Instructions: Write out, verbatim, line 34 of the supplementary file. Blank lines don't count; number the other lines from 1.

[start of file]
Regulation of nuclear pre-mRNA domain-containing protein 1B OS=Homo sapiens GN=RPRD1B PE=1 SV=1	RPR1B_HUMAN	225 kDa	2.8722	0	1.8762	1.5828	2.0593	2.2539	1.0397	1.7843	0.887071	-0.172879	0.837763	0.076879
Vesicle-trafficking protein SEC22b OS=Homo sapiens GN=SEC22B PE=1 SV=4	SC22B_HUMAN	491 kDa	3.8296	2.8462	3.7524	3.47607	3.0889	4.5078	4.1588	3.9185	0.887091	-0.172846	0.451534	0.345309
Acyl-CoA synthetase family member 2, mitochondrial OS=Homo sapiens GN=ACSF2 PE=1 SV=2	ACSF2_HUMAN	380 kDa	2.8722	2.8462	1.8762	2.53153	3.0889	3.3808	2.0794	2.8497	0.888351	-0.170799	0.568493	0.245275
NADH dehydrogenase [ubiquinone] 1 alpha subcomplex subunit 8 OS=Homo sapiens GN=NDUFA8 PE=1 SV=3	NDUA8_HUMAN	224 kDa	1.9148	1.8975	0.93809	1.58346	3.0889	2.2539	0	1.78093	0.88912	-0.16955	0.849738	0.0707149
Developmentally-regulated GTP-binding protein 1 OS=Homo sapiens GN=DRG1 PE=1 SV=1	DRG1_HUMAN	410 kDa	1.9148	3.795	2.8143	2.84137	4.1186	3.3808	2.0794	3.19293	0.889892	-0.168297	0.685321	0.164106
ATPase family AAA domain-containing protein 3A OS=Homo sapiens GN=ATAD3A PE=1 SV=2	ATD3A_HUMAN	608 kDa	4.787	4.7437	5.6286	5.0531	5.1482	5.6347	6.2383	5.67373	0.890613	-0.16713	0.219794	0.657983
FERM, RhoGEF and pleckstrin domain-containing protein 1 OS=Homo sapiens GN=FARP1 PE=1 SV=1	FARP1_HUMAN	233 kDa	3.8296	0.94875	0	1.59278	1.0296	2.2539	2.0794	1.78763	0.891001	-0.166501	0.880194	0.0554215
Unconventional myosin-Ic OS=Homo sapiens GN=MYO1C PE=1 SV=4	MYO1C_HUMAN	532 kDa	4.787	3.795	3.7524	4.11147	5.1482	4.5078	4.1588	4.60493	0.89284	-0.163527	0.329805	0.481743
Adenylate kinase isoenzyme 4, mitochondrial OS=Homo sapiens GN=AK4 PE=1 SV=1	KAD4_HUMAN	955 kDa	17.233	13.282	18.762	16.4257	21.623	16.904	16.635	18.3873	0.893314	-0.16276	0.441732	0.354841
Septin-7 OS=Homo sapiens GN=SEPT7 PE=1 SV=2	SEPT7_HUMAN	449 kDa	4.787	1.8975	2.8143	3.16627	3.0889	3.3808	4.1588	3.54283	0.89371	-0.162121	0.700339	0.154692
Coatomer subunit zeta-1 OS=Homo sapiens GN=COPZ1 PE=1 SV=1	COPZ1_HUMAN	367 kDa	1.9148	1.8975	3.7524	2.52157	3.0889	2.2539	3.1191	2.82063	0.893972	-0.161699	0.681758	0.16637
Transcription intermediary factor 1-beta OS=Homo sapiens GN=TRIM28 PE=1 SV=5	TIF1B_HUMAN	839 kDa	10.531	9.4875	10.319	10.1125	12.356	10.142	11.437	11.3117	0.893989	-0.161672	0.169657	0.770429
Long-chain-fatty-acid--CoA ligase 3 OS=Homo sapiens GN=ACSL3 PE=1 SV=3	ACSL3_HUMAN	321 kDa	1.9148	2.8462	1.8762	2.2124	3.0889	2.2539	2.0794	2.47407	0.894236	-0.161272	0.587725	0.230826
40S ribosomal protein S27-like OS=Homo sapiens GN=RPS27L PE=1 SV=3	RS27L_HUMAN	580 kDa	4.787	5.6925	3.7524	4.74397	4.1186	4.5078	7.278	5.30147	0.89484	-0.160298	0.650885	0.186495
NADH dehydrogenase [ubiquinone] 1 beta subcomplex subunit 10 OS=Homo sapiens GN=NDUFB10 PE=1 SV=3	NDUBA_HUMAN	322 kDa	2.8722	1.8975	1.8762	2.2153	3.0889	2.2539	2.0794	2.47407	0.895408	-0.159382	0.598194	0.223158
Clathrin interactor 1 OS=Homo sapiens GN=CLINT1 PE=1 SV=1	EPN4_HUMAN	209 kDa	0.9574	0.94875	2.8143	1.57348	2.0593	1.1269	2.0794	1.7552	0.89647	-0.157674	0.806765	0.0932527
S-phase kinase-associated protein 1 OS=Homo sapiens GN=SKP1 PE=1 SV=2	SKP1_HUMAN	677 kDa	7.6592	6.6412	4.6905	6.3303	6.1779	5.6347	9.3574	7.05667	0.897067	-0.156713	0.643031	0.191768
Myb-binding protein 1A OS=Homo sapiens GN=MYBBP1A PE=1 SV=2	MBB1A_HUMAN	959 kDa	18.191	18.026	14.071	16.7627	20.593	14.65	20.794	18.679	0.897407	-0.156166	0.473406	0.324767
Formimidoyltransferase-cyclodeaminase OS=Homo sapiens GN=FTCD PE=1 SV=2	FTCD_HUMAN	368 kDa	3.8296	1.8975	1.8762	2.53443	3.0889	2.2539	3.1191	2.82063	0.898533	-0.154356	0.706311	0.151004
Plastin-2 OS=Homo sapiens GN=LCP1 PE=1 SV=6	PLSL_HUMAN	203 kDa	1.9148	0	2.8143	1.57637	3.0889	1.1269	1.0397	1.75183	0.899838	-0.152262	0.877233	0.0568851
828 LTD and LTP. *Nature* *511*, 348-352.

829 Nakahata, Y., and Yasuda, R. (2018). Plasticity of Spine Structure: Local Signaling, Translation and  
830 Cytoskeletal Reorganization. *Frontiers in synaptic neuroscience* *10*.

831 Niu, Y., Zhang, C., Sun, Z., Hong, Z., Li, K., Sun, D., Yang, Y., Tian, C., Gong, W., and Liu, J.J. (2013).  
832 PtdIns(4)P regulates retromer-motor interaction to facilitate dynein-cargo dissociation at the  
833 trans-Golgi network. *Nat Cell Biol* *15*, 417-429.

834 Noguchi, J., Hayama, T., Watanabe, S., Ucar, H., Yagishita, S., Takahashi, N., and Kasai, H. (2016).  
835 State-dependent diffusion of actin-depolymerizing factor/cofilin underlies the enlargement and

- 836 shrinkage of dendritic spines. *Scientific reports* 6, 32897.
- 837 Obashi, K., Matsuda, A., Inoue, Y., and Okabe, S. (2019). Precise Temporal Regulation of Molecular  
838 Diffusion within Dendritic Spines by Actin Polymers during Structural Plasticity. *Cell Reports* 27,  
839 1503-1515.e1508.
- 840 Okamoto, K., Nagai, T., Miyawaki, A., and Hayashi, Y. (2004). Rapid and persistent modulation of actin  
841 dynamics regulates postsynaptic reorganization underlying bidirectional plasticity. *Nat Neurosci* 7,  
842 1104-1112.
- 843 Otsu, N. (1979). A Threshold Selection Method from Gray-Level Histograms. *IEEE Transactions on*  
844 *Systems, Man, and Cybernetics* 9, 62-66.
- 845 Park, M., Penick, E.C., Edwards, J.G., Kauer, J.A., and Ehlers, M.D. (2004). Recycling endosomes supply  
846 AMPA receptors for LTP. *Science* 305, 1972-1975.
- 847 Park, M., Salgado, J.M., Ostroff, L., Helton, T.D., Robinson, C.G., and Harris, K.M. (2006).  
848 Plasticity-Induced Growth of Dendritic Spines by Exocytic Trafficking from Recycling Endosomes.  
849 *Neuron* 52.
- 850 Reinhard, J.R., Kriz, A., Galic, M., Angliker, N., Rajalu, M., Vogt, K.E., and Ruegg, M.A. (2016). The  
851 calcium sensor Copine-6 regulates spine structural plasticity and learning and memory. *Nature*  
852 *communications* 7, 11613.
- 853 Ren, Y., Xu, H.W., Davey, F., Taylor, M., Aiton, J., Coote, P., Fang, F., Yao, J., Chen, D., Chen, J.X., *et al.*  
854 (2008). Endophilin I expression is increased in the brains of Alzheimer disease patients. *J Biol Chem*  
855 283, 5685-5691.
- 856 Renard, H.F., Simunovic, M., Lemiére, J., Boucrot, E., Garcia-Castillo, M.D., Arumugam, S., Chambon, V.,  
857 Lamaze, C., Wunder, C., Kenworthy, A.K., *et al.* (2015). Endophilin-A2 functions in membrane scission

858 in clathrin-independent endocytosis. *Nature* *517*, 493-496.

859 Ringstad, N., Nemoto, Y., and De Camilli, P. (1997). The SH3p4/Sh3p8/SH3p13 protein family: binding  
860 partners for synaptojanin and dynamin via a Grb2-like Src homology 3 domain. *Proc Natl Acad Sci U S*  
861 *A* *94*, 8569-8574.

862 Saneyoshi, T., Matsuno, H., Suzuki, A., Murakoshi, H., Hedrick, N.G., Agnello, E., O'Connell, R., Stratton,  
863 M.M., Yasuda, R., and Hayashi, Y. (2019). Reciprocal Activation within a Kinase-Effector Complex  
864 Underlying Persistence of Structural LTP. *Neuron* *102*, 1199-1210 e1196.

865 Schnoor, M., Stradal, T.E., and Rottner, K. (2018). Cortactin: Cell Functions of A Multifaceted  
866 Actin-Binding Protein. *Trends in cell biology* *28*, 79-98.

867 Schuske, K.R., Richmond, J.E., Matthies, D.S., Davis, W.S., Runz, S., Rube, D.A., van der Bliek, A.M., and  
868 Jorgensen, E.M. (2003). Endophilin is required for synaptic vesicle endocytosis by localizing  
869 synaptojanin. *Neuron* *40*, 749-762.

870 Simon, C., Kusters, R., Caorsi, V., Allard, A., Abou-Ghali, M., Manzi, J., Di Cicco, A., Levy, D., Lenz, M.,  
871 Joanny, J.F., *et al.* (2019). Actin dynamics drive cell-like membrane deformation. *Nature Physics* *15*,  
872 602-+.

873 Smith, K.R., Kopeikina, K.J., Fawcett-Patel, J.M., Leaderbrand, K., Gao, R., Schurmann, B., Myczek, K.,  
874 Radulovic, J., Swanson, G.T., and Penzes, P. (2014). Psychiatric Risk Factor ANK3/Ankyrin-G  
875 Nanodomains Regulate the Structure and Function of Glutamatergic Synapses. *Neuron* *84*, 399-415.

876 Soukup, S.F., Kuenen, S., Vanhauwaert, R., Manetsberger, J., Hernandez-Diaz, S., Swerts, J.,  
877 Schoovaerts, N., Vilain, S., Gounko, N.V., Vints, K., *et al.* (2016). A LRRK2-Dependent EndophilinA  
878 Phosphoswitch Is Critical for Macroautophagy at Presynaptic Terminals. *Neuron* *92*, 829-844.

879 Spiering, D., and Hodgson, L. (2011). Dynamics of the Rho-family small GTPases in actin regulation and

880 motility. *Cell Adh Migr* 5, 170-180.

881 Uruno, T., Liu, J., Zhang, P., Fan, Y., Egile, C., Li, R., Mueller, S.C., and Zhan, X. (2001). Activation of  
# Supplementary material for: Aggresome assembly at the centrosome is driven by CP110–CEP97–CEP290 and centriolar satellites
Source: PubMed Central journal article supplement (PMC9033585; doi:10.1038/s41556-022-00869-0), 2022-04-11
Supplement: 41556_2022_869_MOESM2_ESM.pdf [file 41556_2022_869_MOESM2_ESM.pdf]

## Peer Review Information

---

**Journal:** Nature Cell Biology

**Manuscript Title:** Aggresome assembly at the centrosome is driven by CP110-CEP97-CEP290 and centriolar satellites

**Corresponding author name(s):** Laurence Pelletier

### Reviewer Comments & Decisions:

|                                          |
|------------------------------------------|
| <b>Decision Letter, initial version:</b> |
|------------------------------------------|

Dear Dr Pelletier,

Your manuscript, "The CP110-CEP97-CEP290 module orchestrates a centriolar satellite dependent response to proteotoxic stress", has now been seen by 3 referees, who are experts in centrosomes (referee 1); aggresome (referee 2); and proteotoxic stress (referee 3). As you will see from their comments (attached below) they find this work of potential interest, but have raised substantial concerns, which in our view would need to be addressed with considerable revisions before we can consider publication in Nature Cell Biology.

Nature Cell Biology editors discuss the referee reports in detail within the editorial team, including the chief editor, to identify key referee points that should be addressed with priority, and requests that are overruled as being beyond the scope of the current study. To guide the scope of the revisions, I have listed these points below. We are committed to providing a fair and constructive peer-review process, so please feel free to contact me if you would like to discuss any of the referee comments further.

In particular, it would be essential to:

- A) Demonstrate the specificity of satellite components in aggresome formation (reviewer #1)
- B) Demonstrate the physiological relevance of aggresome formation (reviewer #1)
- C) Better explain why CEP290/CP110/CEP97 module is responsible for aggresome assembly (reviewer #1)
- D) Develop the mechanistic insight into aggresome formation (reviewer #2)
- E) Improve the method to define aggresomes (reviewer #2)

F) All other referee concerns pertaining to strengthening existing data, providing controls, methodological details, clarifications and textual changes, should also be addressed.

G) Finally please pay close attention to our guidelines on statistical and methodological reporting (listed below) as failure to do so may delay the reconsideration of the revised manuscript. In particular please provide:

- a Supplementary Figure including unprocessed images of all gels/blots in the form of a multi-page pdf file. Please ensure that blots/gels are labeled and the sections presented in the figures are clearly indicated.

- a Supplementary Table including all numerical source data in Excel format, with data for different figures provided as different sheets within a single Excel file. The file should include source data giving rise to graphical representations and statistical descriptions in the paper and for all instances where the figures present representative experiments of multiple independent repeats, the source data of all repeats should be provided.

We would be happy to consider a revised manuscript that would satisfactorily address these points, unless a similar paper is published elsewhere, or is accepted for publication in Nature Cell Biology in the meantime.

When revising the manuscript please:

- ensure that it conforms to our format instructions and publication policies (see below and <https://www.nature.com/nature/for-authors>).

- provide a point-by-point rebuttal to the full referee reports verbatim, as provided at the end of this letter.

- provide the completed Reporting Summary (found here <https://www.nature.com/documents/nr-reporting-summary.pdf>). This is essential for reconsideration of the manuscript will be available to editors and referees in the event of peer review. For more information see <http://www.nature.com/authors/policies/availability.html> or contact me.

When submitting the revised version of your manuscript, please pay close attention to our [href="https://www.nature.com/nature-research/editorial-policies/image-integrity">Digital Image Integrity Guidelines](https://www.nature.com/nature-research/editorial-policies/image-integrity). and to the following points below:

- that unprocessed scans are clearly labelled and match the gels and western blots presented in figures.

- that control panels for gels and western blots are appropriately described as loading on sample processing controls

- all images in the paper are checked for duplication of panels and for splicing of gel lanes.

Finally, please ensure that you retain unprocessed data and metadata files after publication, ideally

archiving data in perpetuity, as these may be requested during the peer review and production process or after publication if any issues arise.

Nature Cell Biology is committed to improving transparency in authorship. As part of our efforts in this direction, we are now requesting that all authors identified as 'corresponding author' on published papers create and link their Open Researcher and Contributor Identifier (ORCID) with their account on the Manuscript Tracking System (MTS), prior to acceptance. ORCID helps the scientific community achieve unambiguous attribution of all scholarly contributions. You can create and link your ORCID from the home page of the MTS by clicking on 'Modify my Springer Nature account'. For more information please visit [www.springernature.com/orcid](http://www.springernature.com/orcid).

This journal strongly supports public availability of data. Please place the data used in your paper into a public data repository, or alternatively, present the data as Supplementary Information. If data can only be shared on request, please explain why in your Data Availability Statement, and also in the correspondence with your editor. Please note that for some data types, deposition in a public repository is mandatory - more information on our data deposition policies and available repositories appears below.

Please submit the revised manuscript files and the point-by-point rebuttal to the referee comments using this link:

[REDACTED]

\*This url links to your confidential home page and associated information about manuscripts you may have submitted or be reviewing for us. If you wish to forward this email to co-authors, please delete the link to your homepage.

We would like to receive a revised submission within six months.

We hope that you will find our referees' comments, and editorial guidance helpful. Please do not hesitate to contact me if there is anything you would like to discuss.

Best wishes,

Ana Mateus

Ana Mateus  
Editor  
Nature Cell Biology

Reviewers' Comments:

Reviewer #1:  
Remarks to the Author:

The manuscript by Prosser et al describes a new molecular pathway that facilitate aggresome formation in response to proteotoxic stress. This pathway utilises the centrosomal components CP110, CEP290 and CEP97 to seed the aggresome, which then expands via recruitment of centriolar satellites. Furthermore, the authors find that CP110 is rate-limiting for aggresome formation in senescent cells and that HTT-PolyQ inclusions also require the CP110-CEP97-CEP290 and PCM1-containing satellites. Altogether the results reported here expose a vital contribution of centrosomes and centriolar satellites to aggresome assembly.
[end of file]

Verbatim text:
841 dynamics regulates postsynaptic reorganization underlying bidirectional plasticity. *Nat Neurosci* 7,  